Meth: Recognize The Enemy


For most parents, this photograph may be the first time they have ever seen methamphetamine, a drug experts say is 10 times more addictive than crack cocaine.

But Payson Police Sgt. Rod Mamero not only wants parents and other residents to know what methamphetamine looks like, he wants them to know what the drug does to our children and what we can do to fight back.

“This is a violence-inducing drug,” Mamero said. “The problem is not just people using meth, it’s the byproducts which include theft, burglary, assault, domestic violence and murder.”

The police department has taken a pro-active educational approach and put together a two-hour presentation for civic organizations, church groups, businesses or other interested parties.

The topics cover how the drug is made, sold and used, the crimes related to methamphetamine use, specific problems in Payson, the cost to employers and businesses, and the signs and symptoms of meth abuse.

Local law enforcement officers hope the presentations will help the community understand the magnitude of the meth threat.

“Arizona is a big producer of meth,” Mamero said. “In 1998, the state of New York had two meth labs seized. That same year, Arizona had 400.”

Police Chief Gordon Gartner launched an aggressive meth enforcement program in 2002, a program he believes illustrates the relationship between drug use and reported crimes.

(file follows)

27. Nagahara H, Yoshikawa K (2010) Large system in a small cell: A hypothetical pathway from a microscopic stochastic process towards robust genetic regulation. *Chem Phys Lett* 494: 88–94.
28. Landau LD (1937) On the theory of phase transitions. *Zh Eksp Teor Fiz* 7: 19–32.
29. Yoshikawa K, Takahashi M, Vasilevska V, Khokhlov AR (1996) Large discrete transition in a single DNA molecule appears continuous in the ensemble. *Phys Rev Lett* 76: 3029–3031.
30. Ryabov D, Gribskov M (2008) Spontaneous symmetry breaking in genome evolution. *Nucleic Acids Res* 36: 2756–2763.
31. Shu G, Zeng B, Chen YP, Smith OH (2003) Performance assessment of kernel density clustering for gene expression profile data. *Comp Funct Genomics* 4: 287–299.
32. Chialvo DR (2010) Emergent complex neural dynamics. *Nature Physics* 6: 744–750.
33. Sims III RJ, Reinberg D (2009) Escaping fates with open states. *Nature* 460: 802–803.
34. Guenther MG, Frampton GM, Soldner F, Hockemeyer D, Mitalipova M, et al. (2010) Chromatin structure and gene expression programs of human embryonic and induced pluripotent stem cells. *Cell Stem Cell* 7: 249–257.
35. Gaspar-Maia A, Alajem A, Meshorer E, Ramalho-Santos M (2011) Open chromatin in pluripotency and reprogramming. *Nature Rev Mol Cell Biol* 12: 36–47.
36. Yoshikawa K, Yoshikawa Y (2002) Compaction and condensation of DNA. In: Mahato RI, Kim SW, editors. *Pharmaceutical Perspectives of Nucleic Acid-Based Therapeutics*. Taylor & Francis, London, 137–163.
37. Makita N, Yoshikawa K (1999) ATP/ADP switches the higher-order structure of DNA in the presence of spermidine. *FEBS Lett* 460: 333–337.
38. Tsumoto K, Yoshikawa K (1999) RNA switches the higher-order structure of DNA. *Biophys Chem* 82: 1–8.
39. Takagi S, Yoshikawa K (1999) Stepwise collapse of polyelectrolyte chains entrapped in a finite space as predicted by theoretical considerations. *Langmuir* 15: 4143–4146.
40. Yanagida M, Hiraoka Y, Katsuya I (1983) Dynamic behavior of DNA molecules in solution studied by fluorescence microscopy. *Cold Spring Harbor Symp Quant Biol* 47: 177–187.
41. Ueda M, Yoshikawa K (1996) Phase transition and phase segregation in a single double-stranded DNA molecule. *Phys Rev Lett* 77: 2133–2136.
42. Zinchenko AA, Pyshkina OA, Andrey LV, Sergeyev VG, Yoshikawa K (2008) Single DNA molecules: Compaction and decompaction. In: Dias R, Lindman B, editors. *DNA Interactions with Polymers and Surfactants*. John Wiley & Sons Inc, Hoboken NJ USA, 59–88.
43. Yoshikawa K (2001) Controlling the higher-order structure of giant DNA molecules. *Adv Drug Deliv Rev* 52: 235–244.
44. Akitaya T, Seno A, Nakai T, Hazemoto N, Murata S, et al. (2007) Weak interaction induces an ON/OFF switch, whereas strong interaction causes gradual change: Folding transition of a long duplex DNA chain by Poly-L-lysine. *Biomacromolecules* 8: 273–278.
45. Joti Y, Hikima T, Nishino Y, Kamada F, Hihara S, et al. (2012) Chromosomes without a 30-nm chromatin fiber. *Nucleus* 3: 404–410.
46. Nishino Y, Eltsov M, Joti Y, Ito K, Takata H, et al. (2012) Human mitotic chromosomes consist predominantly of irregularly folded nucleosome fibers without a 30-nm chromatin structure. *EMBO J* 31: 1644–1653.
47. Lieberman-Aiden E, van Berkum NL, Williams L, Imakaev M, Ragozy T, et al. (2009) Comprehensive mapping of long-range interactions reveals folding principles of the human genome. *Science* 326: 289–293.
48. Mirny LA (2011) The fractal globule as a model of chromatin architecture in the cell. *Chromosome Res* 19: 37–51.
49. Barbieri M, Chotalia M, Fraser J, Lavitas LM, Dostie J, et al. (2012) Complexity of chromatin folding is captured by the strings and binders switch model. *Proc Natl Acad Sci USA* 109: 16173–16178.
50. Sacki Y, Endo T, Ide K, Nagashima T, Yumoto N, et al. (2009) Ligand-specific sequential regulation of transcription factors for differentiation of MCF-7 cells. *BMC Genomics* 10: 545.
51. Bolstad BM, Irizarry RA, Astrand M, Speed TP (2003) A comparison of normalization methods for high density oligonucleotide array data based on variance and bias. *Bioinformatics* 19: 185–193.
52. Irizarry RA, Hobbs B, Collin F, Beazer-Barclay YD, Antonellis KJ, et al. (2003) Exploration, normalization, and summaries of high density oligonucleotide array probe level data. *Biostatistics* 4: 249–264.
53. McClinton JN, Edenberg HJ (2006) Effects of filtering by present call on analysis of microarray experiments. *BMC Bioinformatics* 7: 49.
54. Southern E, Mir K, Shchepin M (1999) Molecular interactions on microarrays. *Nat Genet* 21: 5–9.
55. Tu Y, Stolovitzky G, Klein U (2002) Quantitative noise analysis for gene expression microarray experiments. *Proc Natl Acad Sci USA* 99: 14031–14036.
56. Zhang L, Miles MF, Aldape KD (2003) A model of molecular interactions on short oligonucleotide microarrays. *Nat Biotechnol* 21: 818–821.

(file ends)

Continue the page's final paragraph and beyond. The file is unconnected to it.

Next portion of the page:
“From January to November 2001, we made 161 drug arrests,” Gartner said. “This year, we had 426 drug arrests during the same timeframe. An interesting side statistic on this is that we have seen a decrease of 47 percent in reported burglaries.

“... We’re running the drug dealers out of town,” Gartner said. “We’ve seized six meth labs this year.”

Groups interested in the presentation can call Mamero at 474-5242, ext. 210, or e-mail him at

“No child wakes up one day and decides to be a drug addict,” Mamero said. “It’s drugs like meth that get them hooked and destroy their lives.”

Signs to watch for

  • Dramatic weight loss
  • Loss of appetite
  • Nervousness
  • Agitation
  • Severe mood swings
  • Long periods without sleep
  • Anxiety
  • Losing interest in things they used to enjoy
  • Scratching
  • Twitching
  • Increased heart and respiratory rate
  • Paranoid behavior
  • Violent behavior

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